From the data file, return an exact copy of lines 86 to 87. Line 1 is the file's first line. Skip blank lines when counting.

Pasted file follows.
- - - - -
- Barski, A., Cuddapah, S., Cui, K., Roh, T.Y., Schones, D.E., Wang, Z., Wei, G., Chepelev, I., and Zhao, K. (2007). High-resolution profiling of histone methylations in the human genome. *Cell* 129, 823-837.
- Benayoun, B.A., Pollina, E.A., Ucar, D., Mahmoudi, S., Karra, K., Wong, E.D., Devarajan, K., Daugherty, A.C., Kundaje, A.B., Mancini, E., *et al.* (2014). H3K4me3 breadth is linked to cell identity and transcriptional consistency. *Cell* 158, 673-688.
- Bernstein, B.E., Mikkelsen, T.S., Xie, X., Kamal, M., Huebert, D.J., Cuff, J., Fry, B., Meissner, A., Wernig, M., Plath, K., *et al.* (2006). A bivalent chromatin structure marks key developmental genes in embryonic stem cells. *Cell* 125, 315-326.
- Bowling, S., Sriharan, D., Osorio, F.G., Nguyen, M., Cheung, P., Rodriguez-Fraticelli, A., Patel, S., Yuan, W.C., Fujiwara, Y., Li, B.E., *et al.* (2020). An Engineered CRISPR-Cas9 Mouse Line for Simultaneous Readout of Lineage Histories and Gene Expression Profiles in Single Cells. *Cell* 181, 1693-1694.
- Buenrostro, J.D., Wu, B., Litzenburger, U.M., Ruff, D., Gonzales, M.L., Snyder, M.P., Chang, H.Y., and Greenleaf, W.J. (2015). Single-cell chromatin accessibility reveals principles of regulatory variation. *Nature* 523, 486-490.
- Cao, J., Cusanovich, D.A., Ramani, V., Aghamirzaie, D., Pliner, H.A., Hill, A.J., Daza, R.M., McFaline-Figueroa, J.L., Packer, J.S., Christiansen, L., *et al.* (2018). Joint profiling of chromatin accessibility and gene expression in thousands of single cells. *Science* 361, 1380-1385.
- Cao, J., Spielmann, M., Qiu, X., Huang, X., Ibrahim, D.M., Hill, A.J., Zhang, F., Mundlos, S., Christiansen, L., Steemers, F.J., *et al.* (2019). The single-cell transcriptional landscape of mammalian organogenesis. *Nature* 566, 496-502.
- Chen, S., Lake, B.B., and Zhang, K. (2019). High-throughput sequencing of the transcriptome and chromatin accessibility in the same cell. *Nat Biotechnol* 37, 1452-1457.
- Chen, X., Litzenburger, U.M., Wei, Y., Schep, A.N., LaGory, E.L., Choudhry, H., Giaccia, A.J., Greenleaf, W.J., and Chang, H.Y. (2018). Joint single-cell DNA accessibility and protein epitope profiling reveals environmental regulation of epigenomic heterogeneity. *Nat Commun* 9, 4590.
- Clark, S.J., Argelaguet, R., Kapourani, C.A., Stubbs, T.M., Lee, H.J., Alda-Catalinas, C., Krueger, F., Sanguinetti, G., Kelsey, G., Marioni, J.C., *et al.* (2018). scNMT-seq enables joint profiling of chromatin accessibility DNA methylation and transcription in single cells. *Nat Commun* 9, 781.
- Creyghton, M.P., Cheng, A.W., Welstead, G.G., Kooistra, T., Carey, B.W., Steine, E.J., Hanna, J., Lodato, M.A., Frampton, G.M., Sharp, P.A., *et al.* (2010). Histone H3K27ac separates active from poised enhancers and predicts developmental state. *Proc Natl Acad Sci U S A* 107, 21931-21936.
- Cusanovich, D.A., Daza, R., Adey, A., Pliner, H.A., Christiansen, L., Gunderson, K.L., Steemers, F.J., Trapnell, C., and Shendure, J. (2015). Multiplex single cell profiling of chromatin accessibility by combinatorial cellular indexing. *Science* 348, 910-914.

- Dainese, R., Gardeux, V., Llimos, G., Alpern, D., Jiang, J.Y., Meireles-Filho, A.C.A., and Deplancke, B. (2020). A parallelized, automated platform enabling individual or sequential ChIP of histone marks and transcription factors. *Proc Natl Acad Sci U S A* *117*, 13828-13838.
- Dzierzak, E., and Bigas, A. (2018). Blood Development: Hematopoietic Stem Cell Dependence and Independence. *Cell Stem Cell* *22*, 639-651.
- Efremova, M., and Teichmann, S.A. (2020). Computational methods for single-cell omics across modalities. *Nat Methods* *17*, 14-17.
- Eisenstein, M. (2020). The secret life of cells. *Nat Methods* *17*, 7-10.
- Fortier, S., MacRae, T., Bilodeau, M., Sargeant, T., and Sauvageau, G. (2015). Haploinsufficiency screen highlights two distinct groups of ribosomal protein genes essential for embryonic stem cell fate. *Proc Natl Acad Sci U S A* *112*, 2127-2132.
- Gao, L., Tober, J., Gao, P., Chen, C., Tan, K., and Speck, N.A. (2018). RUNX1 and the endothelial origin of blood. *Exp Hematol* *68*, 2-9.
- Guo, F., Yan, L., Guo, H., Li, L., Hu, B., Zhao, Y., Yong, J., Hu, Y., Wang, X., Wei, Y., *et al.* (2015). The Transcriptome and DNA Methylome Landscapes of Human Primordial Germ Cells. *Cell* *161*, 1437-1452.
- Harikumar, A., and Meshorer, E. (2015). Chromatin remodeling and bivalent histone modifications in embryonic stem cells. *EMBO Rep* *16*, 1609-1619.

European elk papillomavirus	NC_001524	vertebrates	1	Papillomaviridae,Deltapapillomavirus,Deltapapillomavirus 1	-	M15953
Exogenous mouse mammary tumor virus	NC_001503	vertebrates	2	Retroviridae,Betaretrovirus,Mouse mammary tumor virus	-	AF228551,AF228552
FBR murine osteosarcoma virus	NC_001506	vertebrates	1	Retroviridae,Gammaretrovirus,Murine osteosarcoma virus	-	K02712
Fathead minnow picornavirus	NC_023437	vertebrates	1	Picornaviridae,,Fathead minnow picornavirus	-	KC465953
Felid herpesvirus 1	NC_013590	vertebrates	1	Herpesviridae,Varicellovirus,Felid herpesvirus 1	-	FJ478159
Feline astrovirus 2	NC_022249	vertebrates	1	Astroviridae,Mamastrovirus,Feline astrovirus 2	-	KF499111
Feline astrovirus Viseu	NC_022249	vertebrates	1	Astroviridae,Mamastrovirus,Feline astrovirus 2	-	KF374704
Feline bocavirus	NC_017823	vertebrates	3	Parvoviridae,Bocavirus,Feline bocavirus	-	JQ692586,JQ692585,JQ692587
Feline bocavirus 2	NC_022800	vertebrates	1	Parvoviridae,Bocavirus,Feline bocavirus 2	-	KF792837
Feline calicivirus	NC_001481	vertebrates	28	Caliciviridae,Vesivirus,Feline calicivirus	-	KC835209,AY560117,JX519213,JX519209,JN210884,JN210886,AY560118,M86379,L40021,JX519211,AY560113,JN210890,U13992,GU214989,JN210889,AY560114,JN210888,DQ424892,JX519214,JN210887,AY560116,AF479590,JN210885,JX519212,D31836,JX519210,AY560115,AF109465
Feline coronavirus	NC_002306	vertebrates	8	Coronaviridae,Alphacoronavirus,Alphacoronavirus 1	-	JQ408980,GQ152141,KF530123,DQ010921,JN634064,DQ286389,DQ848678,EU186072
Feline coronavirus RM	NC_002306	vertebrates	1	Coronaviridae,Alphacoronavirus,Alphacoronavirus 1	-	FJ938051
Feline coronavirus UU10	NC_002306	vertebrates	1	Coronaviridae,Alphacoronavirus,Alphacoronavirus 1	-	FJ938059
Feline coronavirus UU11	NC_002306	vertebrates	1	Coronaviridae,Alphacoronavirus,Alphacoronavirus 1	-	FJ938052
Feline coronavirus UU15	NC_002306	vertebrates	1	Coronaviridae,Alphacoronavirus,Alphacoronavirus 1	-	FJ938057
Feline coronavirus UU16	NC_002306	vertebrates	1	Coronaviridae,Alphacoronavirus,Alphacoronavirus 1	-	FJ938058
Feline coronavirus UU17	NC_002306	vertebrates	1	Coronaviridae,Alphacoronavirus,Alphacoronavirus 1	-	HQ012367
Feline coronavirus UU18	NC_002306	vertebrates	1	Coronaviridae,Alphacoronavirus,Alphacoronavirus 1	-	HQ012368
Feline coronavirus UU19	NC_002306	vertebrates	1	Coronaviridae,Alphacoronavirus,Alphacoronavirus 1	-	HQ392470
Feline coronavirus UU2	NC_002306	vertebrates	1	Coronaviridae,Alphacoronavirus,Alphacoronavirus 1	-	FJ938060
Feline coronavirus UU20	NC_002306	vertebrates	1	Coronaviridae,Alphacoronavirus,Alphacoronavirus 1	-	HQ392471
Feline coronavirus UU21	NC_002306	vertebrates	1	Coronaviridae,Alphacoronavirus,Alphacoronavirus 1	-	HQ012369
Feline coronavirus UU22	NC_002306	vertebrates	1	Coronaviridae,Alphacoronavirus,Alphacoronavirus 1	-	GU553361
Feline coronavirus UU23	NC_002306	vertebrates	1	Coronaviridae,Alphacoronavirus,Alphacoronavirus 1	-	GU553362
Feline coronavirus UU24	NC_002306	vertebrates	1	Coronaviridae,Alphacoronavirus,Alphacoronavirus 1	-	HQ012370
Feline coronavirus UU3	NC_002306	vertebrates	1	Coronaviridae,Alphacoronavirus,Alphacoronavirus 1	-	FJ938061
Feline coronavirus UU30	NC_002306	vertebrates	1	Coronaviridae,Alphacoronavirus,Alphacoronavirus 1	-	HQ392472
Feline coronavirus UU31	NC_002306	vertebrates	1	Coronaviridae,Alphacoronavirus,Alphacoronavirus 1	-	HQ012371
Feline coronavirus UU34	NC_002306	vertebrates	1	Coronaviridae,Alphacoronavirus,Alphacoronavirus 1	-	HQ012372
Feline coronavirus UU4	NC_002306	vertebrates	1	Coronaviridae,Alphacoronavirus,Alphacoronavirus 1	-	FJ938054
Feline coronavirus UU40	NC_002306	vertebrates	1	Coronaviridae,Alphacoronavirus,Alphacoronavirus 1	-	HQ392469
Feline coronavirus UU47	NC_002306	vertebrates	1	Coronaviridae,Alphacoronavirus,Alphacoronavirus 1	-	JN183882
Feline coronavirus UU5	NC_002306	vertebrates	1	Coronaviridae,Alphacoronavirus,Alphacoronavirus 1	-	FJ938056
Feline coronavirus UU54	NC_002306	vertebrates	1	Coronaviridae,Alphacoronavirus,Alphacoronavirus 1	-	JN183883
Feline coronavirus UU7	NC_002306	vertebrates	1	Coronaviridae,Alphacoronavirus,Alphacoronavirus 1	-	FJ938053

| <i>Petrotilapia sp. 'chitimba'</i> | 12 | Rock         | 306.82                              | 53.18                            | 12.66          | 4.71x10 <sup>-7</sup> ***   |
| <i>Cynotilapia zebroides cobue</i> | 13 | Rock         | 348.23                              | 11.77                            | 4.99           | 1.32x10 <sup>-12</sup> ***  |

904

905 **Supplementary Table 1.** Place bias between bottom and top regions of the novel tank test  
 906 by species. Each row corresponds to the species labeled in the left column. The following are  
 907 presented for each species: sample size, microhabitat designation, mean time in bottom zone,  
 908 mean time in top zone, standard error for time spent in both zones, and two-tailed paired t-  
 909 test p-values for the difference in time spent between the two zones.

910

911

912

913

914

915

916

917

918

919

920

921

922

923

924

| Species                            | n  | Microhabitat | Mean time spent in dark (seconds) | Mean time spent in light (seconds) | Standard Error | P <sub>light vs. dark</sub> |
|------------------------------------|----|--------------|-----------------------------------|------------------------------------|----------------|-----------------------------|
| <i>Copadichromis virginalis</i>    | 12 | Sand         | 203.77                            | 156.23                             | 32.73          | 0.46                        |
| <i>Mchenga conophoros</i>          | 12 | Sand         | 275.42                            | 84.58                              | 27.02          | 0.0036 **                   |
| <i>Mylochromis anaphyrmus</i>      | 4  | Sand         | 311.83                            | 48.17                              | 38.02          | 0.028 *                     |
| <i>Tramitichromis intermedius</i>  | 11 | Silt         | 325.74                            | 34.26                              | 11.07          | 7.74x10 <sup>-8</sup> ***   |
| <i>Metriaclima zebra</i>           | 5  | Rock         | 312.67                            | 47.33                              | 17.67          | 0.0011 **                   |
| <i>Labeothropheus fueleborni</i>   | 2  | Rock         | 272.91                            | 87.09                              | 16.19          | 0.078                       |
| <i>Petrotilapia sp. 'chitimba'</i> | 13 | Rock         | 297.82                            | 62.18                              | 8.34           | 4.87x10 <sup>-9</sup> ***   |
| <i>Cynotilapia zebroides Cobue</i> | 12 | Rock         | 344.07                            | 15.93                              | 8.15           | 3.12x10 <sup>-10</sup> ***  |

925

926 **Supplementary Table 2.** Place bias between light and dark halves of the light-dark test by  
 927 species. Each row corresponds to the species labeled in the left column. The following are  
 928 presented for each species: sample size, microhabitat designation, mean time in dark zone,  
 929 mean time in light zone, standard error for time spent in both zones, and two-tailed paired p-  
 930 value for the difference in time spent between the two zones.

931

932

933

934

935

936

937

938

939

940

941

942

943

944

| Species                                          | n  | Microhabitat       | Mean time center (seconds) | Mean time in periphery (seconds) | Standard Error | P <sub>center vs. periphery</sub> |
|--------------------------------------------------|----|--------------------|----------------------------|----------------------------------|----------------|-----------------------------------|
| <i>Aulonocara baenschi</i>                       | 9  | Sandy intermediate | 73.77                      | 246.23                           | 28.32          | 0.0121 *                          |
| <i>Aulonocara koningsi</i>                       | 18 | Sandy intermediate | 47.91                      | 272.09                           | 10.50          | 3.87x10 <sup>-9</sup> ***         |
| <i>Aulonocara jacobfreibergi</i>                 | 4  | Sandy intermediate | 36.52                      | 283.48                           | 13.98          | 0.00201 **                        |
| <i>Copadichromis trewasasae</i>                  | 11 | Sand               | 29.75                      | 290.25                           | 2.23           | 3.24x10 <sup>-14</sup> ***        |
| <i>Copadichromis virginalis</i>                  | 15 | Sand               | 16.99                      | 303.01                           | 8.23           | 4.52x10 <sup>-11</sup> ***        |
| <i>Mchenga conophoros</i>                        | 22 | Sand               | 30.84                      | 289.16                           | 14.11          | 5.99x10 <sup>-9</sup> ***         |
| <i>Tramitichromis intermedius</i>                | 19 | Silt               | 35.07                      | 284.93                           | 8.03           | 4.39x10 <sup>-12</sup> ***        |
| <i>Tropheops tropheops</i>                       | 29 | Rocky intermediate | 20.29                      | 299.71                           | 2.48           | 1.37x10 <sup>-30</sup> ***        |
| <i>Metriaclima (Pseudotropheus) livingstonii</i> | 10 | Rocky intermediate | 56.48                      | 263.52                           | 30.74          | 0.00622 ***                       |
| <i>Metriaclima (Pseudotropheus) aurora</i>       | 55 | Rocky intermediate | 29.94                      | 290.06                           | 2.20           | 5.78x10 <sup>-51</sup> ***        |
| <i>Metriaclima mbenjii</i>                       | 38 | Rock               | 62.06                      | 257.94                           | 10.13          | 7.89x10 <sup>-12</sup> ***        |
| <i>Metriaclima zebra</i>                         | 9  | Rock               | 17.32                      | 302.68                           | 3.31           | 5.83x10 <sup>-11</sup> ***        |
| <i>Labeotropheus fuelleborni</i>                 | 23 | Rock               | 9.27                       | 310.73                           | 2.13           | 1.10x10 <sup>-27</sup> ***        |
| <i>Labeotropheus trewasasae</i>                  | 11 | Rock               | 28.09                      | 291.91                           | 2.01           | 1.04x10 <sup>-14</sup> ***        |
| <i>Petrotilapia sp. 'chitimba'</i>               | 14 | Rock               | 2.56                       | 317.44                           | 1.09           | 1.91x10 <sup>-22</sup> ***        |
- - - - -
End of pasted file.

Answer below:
| <i>Labeothropheus fueleborni</i>   | 2  | Rock         | 272.91                            | 87.09                              | 16.19          | 0.078                       |
| <i>Petrotilapia sp. 'chitimba'</i> | 13 | Rock         | 297.82                            | 62.18                              | 8.34           | 4.87x10 <sup>-9</sup> ***   |